On the opposite side of the globe (if you're living in England like me that is) there appears to be something of a renaissance of indie electro-inspired pop musicians coming to the forefront. In a way, you could argue that Lorde reminded us that there's a whole unexplored world of music in the other hemisphere. Of course, we shouldn't be surprised - we're talking about the country that birthed Dannii and Kylie Minogue, who has arguably turned into one of many of the nation's sweethearts.

Chloe Kaul and Simon Lam aren't quite at that level yet, but they're certainly doing enough on the underground circuit to warrant spots on some of their country's biggest festivals. Chloe and Simon make up Klo, an exciting duo that "brings together Simon's atmospheric soundscapes and dance-echoing beats with Chloe's emotive vocals and evocative lyrics". Their first two releases 'Make Me Wonder' and 'False Calls' garnered enough attention and enough of a buzz for them to continue working on what would eventually become their recently released debut EP. Cusp was released via Remote Control in their home country (who have also released records from FKA twigs and The xx so they're in good company) and their latest single pushed them to number two on Hype Machine's Most Blogged Artist Chart.

Interrupting their late night jam session, I get to chat to the pair via Skype who admit they've been "at it" for the past few hours attempting to come up with new material (they seem rather thankful for the break in all honesty).

Who are your musical influences? What inspired the music on the EP?

Simon: I guess on this EP we've been listening to a lot of people from the UK. Jamie xx...

Chloe: James Blake...

S: We're both really big fans of Little Dragon, too. And then a whole lot of dance music too.

C: Even Drake. All and everything. I think that shows in our music too. I don't think we're just one specific genre, I think there's a mix of things in there.

How did you guys meet?

C: We're cousins, actually. So we've always known each other since we were born really! [Laughs] From family gatherings and such and Simon and I have actually done a few family band things because we've got quite a musical family. But we were never really close until we started working together. It's weird, I feel like I've been close with him forever. It's almost like nothing ever changed.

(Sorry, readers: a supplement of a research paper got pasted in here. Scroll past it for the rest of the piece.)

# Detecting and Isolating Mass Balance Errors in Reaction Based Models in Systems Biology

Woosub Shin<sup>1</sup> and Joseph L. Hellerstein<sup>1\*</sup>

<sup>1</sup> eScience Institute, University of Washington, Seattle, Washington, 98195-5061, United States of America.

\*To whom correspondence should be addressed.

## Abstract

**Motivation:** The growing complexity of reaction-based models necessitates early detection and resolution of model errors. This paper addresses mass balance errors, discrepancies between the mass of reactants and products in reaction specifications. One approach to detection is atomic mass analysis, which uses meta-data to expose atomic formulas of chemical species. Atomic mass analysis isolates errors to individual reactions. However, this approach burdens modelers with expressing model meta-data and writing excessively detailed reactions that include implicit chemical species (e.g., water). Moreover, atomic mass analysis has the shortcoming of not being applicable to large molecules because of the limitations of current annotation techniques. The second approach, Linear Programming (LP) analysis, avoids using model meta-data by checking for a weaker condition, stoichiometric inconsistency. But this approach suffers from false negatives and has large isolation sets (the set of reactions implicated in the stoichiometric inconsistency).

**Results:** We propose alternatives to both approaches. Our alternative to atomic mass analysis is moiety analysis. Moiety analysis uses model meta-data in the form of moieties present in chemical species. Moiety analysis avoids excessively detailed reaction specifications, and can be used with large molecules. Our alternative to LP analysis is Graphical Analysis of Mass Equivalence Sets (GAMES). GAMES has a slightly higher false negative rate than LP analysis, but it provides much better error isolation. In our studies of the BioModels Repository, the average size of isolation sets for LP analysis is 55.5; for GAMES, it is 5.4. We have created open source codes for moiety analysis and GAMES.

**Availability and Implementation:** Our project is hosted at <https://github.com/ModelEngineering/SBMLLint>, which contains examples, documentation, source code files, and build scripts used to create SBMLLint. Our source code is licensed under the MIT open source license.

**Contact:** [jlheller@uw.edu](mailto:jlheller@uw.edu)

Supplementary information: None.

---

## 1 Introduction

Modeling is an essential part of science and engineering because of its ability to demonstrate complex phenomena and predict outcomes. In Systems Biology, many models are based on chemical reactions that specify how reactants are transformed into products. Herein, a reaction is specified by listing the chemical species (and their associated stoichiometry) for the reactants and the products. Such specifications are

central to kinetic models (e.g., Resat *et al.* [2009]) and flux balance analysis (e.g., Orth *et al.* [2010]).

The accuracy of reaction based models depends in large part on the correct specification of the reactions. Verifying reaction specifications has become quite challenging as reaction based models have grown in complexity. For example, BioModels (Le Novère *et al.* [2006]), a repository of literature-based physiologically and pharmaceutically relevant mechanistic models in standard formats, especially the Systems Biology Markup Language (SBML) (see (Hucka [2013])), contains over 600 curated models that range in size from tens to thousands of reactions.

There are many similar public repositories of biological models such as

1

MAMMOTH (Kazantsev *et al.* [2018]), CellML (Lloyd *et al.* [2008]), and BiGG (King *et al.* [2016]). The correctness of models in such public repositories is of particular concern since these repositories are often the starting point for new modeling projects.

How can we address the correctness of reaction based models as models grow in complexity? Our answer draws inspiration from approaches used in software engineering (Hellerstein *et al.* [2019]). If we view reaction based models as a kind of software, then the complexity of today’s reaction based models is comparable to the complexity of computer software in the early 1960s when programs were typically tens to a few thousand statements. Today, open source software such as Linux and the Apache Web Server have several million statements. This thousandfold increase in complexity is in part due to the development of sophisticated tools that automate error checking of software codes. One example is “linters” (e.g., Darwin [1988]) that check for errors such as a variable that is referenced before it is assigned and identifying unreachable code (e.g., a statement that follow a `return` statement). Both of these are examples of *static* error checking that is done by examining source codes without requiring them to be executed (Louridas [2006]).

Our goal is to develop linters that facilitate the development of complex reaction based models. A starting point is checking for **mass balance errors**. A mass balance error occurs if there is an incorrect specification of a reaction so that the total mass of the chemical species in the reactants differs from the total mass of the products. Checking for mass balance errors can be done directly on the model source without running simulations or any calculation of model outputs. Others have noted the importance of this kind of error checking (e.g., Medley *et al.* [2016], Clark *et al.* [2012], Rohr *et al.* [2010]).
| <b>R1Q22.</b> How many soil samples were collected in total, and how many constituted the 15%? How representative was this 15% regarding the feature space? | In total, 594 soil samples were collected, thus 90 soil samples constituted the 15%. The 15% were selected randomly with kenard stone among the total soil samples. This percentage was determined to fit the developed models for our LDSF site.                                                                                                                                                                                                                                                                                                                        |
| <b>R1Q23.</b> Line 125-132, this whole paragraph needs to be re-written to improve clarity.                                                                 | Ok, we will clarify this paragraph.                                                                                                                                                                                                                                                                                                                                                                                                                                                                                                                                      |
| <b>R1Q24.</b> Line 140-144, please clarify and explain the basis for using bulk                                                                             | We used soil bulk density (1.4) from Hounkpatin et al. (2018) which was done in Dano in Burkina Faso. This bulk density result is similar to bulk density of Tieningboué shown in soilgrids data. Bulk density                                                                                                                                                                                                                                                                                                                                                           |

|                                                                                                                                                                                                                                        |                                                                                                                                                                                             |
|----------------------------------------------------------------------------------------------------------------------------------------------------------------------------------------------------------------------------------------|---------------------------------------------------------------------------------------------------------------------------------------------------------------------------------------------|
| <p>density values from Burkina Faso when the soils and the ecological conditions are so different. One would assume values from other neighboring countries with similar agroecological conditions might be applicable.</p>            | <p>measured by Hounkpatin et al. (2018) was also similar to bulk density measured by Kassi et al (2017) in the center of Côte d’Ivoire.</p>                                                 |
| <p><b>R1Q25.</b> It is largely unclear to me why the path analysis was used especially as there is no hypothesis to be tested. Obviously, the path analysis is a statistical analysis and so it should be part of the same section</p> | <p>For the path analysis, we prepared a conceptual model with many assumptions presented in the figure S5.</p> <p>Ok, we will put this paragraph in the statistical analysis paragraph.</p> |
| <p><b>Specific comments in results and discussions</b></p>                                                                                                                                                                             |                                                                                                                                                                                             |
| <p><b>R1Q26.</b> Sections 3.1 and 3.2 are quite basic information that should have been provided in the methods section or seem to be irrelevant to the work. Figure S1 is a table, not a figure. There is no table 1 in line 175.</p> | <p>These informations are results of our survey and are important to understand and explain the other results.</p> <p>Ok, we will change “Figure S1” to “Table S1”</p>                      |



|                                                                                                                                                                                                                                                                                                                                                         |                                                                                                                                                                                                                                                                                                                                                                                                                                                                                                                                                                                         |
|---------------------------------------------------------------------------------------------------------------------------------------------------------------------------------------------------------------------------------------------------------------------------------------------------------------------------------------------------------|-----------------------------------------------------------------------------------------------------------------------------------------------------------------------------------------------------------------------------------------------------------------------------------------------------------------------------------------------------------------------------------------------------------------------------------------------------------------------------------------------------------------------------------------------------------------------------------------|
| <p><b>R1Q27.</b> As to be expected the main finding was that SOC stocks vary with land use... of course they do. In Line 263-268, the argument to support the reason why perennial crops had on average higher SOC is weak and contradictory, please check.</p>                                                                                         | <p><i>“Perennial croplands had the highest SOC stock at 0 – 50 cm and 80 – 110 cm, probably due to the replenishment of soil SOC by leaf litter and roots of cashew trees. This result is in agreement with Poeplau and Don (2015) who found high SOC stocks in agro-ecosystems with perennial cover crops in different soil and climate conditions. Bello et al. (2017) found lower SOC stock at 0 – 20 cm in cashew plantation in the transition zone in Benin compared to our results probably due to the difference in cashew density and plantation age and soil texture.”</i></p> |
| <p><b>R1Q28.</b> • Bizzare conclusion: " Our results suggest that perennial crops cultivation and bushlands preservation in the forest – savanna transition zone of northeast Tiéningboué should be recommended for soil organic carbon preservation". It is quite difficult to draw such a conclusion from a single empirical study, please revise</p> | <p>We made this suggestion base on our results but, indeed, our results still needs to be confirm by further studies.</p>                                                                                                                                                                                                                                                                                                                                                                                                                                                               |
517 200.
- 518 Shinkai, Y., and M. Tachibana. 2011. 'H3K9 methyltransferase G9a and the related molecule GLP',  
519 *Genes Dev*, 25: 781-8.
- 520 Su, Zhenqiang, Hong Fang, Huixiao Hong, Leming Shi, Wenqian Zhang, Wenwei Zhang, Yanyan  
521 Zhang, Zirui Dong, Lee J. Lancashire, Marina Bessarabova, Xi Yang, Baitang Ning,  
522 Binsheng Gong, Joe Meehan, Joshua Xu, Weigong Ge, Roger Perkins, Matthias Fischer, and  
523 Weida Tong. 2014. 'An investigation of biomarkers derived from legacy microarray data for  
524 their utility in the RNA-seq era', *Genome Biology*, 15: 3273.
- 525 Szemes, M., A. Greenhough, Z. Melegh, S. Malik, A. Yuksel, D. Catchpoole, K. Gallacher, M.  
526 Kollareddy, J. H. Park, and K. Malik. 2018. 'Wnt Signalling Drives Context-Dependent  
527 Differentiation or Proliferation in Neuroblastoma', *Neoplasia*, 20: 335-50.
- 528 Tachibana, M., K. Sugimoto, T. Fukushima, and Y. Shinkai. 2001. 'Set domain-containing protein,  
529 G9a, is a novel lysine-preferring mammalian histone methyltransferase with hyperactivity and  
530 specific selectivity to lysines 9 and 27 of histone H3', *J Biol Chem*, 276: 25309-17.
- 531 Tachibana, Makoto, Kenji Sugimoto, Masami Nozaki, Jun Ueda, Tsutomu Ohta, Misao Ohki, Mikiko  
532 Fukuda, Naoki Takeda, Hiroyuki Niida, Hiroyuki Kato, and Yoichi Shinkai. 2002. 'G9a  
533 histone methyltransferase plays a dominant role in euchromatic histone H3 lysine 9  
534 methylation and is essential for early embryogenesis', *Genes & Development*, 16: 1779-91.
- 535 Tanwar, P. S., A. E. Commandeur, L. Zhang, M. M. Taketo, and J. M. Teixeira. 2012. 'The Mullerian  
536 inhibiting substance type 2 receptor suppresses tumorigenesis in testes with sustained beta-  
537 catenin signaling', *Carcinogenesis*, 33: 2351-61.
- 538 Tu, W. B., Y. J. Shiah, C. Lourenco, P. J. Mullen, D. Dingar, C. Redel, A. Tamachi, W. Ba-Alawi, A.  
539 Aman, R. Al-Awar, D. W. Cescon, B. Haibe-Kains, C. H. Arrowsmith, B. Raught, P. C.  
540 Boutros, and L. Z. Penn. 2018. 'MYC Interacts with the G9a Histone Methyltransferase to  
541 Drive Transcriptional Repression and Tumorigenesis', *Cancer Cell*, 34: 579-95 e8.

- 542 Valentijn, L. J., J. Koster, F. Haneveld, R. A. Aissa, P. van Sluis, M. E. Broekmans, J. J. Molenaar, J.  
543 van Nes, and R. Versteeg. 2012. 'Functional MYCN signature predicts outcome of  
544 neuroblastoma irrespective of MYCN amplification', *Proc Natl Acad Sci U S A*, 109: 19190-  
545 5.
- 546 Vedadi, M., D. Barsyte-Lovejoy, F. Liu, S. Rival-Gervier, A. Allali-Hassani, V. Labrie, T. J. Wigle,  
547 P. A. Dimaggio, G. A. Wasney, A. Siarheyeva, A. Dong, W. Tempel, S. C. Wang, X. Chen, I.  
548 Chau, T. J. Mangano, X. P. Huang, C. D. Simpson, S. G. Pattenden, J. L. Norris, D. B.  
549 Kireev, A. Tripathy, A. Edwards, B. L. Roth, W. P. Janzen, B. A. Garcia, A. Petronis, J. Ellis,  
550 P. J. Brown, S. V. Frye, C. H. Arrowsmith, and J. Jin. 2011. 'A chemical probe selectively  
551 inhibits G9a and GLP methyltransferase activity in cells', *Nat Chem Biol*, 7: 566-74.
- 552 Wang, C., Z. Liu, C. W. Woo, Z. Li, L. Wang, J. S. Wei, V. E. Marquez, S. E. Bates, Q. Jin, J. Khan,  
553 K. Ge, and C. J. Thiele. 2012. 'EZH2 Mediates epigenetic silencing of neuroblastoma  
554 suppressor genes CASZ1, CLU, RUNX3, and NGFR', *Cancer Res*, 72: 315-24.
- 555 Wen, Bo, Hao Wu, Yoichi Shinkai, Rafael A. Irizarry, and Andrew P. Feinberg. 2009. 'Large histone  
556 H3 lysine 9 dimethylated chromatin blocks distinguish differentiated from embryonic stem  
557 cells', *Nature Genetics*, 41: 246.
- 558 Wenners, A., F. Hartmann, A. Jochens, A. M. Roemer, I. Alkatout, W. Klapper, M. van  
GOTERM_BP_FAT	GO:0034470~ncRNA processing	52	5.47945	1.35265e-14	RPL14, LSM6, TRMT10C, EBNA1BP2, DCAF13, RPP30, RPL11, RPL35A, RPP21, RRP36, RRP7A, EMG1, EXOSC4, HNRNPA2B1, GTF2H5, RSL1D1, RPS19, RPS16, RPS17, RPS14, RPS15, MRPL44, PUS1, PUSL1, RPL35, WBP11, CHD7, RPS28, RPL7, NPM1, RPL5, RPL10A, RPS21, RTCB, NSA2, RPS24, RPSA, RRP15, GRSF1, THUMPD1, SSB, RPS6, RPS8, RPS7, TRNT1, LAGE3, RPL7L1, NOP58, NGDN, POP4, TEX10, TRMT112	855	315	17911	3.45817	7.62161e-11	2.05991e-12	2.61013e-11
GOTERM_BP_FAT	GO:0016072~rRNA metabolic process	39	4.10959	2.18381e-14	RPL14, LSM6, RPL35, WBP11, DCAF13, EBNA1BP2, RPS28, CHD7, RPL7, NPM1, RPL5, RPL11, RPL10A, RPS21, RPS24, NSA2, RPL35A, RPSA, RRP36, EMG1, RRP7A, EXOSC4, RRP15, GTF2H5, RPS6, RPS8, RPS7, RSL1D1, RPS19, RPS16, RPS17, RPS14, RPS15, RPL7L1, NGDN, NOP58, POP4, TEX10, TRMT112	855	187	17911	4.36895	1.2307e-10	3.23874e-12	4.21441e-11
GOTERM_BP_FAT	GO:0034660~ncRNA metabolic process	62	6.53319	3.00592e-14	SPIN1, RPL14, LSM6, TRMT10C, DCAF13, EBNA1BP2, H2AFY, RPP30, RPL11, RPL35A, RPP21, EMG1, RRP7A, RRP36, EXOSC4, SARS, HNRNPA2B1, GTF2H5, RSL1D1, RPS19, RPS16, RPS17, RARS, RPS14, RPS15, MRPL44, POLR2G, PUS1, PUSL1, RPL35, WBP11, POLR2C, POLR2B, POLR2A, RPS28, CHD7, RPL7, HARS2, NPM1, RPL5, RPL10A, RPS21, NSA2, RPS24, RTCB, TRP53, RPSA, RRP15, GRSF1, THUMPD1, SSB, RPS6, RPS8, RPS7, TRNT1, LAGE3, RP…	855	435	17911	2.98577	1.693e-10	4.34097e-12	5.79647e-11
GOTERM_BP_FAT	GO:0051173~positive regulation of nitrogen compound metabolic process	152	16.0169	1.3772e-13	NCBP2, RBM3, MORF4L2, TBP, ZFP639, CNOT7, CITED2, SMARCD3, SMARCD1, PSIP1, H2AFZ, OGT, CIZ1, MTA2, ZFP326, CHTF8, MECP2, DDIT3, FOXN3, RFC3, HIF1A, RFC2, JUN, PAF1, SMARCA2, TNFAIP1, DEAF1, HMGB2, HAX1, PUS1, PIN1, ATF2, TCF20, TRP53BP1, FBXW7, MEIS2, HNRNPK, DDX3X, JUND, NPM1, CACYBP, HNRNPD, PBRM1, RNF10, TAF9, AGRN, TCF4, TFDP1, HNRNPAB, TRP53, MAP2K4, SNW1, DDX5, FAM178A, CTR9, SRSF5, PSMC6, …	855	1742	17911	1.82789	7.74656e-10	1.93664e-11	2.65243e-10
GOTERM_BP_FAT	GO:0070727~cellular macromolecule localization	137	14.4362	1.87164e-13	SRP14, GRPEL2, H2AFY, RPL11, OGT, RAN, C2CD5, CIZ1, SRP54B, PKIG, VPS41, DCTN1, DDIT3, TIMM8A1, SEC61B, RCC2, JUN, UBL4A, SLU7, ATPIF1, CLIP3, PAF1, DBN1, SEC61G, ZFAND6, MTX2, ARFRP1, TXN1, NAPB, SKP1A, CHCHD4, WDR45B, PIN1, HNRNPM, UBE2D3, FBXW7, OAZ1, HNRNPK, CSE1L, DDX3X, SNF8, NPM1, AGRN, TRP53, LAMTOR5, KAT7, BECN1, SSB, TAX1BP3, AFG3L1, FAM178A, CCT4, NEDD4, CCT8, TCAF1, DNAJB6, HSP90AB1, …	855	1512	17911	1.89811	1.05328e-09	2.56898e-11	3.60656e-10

Was it different working together in this environment compared to working with other people, like people you don't necessarily know?

C: Well, to be honest tonight we've been trying to jam out a song and we're do brain dead because we've been at it for six hours trying to get a song together. Usually, we work quite well together especially me being a very emotion-centred singer and a lot of the time I improvise, that's my main thing, that's what I do. Simon and I jam a lot until we find an idea that we like and stick to it. We usually keep adding as many ideas as we can until it's absolutely full and then we take away everything until we're left with the best ideas.

Congratulations on the release of your EP. How did it all come together?

S: Basically, me and Chloe started working together after our mothers said we should work together. [Laughs] We didn't really know each other very well but we just got into the same room together and first of all I just helping Chloe record some... folk songs. I recorded her and when she was away I ended up playing with the recordings a bit and somehow turned her folk songs into more electronic tracks. We just kept sending recording back and forth to each other over the web and started working that way. We started working in our rooms together over the first half of the year or so.

C: I think we realised we might be collaborating together on some stuff and it started working and we thought "let's just keep going with this!" It wasn't ever set that we were going to be a duo as such so we did our first song which was 'False Calls' where Simon sampled my voice and then it just went from there. It was a lot of improvisation, really.

What's the vibe of the scene out there at the moment?

S: In Melbourne particularly, it's really, really good! We've got heaps of really good electronic producers and that's kind of the "thing." At the moment, were in the middle of what we call Melbourne Music Week which is basically a whole lot of really cheap or free show that are put up in places in the city that aren't venues; the council just sets up stages everywhere. The quality of the music is really good; usually we have some international headliners but then there will be a bunch of local artists supporting as well. It's definitely the best scene in Australia, there's just so much support. It's not hard to get people down to gigs. Once you put your music up on the web and share it around, people are super supportive as they have been in our case. We only did our first show in September and there were enough people to sell out the venue and then some. The scene is great, everyone is so supportive and there's a ridiculously amount of talented people here.

C: A lot of the artists are our friends really. A lot of us are in the same scene so that's what's great. I think a lot of people inspire each other to work harder. Although we're all supportive, it's quite competitive as well so I think everyone is trying to keep up with everyone else really.

You mentioned that you did your first ever gig not too long ago. Do you have any further plans to tour?